My favorite seating arrangement was in a room where each developer had a small partition to himself, facing the wall, with no "back" - so nothing blocking the view to the center of the room. The partitions on each side of a developer were just big enough to be like "blinders", where you couldn't see other people when working, but one could easily roll the chair back a few feet and have a view of everyone. The center of the room had several small tables that could be pushed together for a large conference, and one of the walls had several large whiteboards. Putting on some decent headphones made for good zoning in your own workspace, but you could still see and hear everything else if you wanted to.
As for productivity, it was quite high since all the monitors faced the center of the room, and so could be easily seen. People could easily show their screen off to get help, and couldn't easily hide their idle deeds from coworkers. Peer pressure is a good motivator.

Post's never coded in his life (1)

timmarhy (659436) | more than 3 years ago | (#31963316)

anyone who has spent 12 hours a day chained to a computer programming or problem solving, knows having your own office is by far the best.

you can shut out noise and distractions. if this round table idea is some management idea to stop goofing off, then forget it. something some managers just can't get, is that you CAN NOT stop people goofing off if they want to.

if own offices isn't possible go with cubicals, a round table in a meeting room, and buy them noise canceling headphones.

why the headphones you ask? firstly because it'll allow them to escape the guy beside them blowing his nose or whistling some annoying tune, but it'll also instill a sense in them that you actually care about their output, and when people feel that they'll work harder and not feel like your just milking them. for $500 it'd be a sound investment.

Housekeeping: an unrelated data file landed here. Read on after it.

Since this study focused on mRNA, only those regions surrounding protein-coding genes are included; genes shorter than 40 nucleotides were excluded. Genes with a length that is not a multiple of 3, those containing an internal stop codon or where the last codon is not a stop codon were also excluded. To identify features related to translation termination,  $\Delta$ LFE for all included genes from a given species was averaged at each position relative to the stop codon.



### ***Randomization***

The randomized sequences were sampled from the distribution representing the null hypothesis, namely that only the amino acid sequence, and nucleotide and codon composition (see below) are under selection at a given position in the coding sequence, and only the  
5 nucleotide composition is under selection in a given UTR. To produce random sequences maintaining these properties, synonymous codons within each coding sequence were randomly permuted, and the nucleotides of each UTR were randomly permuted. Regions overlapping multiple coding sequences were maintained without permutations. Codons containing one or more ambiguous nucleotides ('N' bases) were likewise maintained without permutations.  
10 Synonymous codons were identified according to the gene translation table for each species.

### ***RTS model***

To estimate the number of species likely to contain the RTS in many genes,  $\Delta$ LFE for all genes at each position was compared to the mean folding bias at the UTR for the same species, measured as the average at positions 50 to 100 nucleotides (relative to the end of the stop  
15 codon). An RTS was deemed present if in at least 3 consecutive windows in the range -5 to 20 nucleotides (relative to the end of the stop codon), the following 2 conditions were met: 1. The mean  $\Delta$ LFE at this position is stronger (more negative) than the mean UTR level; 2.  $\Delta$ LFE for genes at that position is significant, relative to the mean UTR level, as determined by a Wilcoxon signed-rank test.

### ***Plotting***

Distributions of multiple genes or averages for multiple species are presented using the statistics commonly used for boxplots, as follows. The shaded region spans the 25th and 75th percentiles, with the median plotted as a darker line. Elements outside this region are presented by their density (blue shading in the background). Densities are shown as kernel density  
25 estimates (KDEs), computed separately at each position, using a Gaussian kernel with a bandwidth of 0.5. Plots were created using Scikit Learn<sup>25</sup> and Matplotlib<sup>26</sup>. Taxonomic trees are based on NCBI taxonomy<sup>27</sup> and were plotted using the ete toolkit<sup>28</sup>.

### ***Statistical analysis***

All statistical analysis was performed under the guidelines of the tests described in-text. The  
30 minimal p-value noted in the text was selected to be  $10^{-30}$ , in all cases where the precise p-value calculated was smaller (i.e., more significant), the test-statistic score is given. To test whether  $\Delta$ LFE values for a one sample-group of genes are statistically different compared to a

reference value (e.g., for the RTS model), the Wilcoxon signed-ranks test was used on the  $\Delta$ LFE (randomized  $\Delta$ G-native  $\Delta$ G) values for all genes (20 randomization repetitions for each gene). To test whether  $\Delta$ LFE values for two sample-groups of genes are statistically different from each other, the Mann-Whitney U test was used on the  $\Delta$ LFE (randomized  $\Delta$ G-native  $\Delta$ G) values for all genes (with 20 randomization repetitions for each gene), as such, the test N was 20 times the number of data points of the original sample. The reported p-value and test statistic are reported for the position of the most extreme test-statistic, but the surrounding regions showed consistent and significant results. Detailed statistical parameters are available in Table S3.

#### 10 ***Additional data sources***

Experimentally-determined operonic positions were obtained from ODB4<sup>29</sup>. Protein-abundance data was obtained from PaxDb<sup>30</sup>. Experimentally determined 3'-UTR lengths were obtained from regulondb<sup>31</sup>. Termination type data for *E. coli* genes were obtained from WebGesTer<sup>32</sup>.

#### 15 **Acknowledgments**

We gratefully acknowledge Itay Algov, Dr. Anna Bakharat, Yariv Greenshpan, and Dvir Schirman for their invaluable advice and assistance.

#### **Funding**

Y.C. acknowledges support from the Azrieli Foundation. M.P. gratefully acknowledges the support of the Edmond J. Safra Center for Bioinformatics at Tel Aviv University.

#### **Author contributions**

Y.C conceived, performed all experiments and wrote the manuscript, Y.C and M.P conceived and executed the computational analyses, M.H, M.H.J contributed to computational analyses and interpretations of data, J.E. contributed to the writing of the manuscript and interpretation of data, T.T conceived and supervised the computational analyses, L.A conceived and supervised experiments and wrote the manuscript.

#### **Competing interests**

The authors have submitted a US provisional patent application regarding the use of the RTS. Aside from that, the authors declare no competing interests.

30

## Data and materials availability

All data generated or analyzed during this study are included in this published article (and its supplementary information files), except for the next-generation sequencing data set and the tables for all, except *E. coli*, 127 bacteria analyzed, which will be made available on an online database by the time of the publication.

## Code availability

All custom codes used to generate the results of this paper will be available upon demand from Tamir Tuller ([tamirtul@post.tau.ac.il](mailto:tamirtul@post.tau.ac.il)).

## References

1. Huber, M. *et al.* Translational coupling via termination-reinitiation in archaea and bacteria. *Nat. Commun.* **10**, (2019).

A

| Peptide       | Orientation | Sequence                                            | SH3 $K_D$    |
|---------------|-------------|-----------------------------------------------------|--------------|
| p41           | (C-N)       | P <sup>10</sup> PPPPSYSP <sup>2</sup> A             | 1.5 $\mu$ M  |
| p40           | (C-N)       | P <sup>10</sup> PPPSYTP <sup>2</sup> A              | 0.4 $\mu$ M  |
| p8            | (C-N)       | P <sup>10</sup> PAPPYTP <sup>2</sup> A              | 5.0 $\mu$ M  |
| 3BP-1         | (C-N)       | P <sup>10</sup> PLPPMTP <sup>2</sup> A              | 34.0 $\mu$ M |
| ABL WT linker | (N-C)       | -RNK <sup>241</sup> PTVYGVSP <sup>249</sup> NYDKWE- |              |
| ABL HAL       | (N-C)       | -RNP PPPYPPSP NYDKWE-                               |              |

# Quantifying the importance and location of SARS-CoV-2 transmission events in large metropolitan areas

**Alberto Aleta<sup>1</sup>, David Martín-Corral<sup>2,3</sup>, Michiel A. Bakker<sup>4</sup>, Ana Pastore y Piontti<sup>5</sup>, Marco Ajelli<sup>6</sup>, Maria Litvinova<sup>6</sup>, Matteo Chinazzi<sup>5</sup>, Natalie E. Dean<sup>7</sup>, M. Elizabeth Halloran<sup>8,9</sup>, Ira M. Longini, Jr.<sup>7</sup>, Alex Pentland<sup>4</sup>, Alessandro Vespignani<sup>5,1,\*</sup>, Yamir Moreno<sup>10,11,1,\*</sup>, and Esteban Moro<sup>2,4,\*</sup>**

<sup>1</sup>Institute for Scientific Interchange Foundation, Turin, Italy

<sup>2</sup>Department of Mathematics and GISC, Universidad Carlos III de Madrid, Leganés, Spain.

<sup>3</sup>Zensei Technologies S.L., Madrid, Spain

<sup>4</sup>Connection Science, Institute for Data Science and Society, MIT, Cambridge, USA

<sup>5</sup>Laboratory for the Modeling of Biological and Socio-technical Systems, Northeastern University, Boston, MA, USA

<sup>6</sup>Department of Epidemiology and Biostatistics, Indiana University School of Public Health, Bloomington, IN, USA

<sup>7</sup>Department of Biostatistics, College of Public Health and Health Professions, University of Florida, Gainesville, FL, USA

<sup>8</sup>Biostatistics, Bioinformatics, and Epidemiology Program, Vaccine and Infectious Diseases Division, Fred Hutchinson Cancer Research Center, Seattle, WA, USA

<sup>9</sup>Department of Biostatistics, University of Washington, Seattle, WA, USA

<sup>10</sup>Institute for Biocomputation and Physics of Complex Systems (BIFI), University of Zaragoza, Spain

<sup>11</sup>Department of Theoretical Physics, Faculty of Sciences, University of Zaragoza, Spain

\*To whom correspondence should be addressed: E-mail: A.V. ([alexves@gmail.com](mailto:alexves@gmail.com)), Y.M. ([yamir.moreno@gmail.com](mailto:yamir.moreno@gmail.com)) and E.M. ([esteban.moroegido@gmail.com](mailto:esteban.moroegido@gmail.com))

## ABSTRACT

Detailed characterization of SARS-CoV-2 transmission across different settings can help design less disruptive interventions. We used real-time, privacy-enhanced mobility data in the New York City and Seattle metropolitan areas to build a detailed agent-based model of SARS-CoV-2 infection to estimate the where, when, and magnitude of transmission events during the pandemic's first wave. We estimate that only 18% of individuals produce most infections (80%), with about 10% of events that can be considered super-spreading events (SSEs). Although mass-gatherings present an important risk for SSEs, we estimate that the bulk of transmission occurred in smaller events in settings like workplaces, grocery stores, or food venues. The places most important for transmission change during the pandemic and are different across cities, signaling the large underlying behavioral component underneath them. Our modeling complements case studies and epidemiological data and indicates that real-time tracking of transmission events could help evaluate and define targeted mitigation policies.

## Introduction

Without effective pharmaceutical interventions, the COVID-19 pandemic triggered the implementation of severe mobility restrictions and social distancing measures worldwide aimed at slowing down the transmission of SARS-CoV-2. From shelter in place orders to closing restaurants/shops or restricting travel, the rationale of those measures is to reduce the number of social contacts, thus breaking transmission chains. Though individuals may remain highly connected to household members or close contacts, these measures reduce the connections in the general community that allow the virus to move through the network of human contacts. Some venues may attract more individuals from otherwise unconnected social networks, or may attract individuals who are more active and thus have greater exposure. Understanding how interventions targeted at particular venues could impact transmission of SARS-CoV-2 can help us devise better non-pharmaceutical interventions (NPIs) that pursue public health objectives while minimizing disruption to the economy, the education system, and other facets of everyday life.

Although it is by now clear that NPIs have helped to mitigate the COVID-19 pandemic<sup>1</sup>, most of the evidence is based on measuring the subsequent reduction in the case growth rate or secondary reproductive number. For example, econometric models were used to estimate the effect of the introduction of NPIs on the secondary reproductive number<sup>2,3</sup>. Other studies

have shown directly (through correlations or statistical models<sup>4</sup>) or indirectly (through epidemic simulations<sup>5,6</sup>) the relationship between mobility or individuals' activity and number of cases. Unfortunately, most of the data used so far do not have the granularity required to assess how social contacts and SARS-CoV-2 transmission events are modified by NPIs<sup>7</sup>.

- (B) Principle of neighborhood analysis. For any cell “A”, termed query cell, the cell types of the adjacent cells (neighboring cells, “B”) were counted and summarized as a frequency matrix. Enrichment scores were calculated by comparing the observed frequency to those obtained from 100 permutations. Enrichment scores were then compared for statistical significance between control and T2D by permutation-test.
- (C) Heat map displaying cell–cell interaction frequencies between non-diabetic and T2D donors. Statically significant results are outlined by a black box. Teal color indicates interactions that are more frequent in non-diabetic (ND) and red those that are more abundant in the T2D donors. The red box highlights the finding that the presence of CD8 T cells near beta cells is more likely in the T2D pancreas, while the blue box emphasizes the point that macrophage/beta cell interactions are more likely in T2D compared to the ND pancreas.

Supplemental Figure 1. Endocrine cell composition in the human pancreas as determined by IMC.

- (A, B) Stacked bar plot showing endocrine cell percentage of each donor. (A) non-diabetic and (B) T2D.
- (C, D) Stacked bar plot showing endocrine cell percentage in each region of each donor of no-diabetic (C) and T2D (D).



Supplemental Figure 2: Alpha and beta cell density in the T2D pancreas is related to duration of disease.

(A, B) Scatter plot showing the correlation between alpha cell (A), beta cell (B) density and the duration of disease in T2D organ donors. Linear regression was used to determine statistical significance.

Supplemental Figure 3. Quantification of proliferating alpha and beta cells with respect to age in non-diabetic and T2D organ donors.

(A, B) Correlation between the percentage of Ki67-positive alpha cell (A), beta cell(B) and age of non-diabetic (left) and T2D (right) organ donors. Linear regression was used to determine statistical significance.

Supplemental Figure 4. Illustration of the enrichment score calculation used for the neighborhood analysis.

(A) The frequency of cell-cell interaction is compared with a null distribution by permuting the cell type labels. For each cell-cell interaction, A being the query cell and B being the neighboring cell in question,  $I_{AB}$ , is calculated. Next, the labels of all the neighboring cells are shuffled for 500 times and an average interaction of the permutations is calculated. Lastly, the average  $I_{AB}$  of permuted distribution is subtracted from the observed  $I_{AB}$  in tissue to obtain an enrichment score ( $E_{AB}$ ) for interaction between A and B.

No one right answer (1)

QuestorTapes (663783) | more than 3 years ago | (#31963324)

I worked on a couple of different teams for one company, in different office situations.

In one, 8 of us were in one common room, and we worked well together. Originally, we were all facing the walls, but we all agreed and moved the desks so we were facing one another. It was great; close group, close spacing, got along, worked well together.

Later, in the same company, in a different group, just three of us in a larger room. One of the guys snagged a conference room for a week just to get some work done. One member of our group was a "social butterfly." Loud conversations, all day long. Impossible to concentrate. Very limited knowledge of technology, always undoing the good work done by others.

I work now with some folks who are productive later in the day; in the morning they socialize, loudly. I work best early. It's unbelievably difficult to concentrate sometimes. Sometimes people need closeness, other times they need space. Particularly if work and personal styles don't mesh.

It's not the "most productive arrangement" that matters. It's the most productive team. What's best for the individuals that make up your group? Talk to -them-.

Smells like Management Fad to me (2, Informative)

dpbsmith (263124) | more than 3 years ago | (#31963326)

The idea that the seating arrangement matters much smells to me like Management Fad.

You say "In many offices and departments it increases productivity and makes collaboration easy." Is there a shred of data to back that up?

In Peopleware, DeMarco and Lister concluded that there was only one variable that correlated with programmer productivity: number of square feet of office space per programmer. If so, then to the extent that seating people around a round table puts them closer together, it will reduce productivity.